The stakes of emphasizing a micro-level, methodologically individualist approach rise significantly during a pandemic.
Consider, for example, the evidence suggesting that bars and indoor dining are high-risk contexts for COVID-19 superspreading events. What should the public health response be? One answer might be to simply ask people to avoid bars and indoor dining. Many jurisdictions have adopted this approach. The problem, of course, is that while many people likely will obey a request to avoid bars and indoor dining, if such establishments remain open for business, others will choose differently and will congregate in such settings. The latter group risks not only their own health, but the health of many others via a cluster or superspreading event.
An alternative public health response might thus be to simply close, by public health order, bars and indoor dining for a certain period of time. (These orders can be carefully crafted to pass statutory and constitutional muster – and indeed they probably ought to be so designed given the historical injustices that have occurred during public health responses to epidemic disease in the U.S.).
If a jurisdiction closes bars and indoor dining, then people will not congregate there. Of course, such closures are, of course, insufficient by themselves to arrest an out-of-control pandemic, and they can also contribute to new problems that require intervention (i.e., closing bars could, in theory, increase the likelihood of private gatherings, which are harder to control via public health law responses).
Yet, as Lindsay Wiley has pointed out, controlling one of the most significant drivers (bars and indoor dining) via law and policy can enable us to flatten the epidemic curve sufficiently even where other variables are less amenable to such response.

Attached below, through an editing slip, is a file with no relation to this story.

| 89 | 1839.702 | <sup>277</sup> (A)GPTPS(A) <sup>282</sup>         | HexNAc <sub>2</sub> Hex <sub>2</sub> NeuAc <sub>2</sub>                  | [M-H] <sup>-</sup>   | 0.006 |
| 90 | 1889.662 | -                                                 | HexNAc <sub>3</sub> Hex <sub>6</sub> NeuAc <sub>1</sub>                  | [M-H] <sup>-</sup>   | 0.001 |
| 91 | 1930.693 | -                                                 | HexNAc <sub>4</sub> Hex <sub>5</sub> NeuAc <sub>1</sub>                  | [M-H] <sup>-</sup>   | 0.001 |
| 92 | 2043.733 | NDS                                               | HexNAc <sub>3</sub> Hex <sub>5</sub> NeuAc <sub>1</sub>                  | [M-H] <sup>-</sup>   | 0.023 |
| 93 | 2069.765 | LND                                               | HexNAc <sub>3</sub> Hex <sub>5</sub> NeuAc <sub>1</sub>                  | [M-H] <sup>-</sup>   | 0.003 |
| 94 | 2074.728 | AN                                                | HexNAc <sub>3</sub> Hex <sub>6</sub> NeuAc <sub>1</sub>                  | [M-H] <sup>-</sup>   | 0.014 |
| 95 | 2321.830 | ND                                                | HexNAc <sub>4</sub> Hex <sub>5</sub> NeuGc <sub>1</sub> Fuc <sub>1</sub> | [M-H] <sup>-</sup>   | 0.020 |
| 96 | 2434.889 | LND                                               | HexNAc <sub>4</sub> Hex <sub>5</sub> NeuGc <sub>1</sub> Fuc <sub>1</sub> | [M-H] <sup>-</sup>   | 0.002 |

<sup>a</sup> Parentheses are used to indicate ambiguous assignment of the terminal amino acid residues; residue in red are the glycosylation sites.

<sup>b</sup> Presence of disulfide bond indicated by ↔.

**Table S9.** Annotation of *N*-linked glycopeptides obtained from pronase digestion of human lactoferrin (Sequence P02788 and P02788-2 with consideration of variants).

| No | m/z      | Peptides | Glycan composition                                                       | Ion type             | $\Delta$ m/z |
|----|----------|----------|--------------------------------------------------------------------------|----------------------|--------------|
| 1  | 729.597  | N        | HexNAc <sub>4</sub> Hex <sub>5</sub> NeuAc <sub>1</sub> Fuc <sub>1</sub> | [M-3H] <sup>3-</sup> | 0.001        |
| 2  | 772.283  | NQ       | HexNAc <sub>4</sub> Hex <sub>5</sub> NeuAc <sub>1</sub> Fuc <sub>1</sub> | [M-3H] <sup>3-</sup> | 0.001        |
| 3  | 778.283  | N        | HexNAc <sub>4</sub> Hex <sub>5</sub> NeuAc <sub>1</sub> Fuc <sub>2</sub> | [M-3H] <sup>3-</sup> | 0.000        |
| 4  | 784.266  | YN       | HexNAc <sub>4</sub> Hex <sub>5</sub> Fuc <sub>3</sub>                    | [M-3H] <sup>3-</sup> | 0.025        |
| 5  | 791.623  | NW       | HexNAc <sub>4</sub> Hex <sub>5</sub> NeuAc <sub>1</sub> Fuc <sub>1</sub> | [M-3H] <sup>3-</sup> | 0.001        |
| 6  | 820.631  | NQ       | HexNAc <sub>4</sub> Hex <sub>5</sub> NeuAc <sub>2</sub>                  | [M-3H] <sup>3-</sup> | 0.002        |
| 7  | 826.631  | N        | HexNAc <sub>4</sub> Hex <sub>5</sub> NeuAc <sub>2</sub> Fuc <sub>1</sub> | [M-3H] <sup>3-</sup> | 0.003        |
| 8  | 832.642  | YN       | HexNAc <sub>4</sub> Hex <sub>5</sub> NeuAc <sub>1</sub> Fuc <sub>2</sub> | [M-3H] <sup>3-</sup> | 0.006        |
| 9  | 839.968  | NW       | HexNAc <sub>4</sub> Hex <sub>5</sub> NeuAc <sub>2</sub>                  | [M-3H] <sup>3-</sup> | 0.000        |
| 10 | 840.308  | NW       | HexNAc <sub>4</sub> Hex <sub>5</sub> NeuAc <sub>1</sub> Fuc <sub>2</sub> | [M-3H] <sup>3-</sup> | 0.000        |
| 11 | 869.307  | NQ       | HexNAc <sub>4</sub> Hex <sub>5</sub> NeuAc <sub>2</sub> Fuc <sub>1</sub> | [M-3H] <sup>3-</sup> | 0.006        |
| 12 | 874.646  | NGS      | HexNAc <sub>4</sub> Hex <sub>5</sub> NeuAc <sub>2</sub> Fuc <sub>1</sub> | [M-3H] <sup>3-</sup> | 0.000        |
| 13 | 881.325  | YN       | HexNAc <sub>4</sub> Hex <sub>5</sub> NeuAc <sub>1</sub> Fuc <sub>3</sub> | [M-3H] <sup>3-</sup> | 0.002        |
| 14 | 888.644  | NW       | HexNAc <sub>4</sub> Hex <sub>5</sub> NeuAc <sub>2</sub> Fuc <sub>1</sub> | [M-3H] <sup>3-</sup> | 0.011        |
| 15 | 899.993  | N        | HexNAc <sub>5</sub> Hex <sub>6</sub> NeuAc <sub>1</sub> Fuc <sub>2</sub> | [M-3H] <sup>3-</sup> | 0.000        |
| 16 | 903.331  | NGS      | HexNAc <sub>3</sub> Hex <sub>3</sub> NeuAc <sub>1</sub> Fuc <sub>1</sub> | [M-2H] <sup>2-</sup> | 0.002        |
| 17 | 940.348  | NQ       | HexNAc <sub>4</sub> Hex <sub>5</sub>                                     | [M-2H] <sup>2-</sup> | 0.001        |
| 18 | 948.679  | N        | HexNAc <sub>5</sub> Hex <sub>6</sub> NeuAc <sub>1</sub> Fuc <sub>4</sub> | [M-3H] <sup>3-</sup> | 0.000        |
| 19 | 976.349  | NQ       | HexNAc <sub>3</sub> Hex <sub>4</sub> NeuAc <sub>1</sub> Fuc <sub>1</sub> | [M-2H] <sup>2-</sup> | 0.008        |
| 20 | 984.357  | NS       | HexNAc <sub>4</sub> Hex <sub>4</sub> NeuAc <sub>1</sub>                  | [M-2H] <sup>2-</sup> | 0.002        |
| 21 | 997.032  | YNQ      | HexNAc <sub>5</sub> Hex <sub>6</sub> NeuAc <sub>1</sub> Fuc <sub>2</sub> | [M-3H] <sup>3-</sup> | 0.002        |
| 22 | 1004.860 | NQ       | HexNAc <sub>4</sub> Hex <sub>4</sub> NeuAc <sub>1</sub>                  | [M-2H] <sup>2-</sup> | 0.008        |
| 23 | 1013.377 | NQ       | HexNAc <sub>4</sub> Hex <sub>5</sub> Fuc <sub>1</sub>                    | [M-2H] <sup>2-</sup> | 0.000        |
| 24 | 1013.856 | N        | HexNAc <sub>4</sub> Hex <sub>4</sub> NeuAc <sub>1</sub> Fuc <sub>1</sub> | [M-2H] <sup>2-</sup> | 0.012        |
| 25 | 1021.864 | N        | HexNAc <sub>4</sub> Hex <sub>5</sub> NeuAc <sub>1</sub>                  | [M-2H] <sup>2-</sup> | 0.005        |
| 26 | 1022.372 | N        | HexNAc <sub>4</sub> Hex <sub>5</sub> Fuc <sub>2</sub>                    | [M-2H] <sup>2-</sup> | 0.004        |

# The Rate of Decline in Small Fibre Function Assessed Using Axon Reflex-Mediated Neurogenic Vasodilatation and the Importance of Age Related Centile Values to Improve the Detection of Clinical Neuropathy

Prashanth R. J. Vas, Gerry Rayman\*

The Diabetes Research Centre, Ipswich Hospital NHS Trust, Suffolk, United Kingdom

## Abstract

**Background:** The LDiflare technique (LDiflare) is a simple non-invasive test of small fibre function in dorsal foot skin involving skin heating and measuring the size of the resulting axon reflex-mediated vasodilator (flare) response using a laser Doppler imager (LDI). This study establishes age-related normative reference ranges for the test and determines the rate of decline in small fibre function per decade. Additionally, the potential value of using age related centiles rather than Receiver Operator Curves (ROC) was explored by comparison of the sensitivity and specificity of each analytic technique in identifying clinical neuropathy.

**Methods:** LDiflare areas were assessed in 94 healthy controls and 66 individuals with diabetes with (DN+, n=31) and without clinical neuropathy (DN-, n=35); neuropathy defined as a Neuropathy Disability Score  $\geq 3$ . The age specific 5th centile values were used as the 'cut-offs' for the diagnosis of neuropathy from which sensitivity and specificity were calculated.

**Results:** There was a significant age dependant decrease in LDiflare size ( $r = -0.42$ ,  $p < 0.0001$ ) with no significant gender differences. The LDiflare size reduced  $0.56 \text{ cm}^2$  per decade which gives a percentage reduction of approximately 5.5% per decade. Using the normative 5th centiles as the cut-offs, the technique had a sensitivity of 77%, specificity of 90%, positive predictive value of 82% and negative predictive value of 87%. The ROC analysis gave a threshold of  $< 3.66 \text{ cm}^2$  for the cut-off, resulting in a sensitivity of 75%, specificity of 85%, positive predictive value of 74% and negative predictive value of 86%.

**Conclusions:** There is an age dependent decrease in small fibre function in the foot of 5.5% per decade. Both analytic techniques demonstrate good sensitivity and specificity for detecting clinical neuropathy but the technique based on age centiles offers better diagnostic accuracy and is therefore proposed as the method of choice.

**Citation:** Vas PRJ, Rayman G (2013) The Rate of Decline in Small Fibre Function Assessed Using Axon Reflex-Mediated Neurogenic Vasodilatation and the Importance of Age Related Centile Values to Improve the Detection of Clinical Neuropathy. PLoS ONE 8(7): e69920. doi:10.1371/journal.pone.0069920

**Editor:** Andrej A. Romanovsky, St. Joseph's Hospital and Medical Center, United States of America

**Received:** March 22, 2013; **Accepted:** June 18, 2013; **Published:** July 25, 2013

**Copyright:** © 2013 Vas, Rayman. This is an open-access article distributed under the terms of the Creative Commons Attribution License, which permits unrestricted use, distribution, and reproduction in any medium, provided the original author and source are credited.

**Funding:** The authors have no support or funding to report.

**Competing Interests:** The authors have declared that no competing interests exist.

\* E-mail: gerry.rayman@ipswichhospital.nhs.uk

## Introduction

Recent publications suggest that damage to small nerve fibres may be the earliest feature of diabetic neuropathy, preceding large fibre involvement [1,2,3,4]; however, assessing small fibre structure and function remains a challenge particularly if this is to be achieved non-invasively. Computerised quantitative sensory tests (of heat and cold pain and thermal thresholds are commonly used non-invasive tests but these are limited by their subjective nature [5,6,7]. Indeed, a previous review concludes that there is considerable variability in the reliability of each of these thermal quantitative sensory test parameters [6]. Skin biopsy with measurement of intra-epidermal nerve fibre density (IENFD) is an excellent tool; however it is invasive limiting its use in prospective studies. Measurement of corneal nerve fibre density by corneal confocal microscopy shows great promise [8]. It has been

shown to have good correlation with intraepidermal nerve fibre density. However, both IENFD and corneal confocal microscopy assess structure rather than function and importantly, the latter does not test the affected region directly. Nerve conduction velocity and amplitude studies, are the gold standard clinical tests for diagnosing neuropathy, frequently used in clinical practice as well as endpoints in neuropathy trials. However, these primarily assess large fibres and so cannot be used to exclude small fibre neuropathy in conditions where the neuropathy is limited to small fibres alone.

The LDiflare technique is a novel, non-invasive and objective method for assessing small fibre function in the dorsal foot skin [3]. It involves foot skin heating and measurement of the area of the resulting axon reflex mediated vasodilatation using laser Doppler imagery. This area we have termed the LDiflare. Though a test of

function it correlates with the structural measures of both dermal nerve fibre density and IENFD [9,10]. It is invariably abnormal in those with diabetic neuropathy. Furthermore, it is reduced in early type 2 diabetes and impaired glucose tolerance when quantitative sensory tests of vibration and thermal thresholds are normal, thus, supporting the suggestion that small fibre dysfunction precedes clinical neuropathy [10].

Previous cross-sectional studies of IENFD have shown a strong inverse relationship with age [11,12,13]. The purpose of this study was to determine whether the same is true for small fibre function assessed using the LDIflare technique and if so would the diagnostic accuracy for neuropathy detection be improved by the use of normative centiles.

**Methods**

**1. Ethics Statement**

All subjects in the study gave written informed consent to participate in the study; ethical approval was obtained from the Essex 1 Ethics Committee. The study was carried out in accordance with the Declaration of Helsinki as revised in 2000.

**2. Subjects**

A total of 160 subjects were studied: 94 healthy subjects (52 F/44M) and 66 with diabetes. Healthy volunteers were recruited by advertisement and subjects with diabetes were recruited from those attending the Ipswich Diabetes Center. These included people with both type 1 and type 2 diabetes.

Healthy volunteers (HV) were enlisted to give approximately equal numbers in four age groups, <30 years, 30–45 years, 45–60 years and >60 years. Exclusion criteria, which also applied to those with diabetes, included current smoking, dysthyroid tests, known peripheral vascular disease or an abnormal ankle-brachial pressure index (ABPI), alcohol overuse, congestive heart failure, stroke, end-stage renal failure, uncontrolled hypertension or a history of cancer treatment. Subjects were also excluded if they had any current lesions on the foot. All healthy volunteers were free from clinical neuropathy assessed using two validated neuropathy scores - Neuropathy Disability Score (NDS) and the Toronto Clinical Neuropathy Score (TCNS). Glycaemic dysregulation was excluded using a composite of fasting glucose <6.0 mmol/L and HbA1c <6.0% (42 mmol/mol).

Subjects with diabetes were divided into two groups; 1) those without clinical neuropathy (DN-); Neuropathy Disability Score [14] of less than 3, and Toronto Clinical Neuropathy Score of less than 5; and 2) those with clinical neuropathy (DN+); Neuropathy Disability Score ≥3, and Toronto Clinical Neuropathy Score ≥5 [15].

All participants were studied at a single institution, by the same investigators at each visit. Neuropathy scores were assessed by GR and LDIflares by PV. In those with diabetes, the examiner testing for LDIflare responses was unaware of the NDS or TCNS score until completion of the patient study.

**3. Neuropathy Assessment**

So the approach used in some cities in 1918, during polio outbreaks, & in the 1st 2 waves of 2020 was to break the transmission chain before it reaches so many households, by intervening upstream at workplaces & commercial & institutional indoor gathering places.
— Lindsay Wiley (@ProfLWiley) December 2, 2020
In other words, the very fact that some factors intensifying the pandemic are less ameliorable via public health law is an excellent reason for addressing the factors that are more ameliorable.
Micro-level approaches to public health are wasteful and ineffective. The evidence overwhelmingly shows that asking large numbers of individuals to behave in ways salubrious to public health is extremely unlikely to work. While in non-emergent circumstances, this is problematic enough from an ethical perspective; in the midst of an out-of-control pandemic, it is anathema. The wiser path is governance – the use of legal and policy mechanisms to lower risks for the population as a whole and especially for the most vulnerable and marginalized among us.
Public health governance is, of course, not an unqualified good. As noted above, the history of infectious and epidemic disease response in the U.S. is riddled with racist, sexist, ableist, and classist approaches that extended patterns of domination, oppression, and subordination. Public health officials have actively participated or been complicit in structural violence against People of Color, disabled people, the poor, women, and immigrants, among others. Yet the answer to these real problems cannot be to abandon any commitment to public health law itself, to reduce public health to nothing more than begging individuals to behave in health-producing ways. If unaccompanied by law and policy approaches at meso- and macro-levels, the latter course is simply a public health Potemkin Village.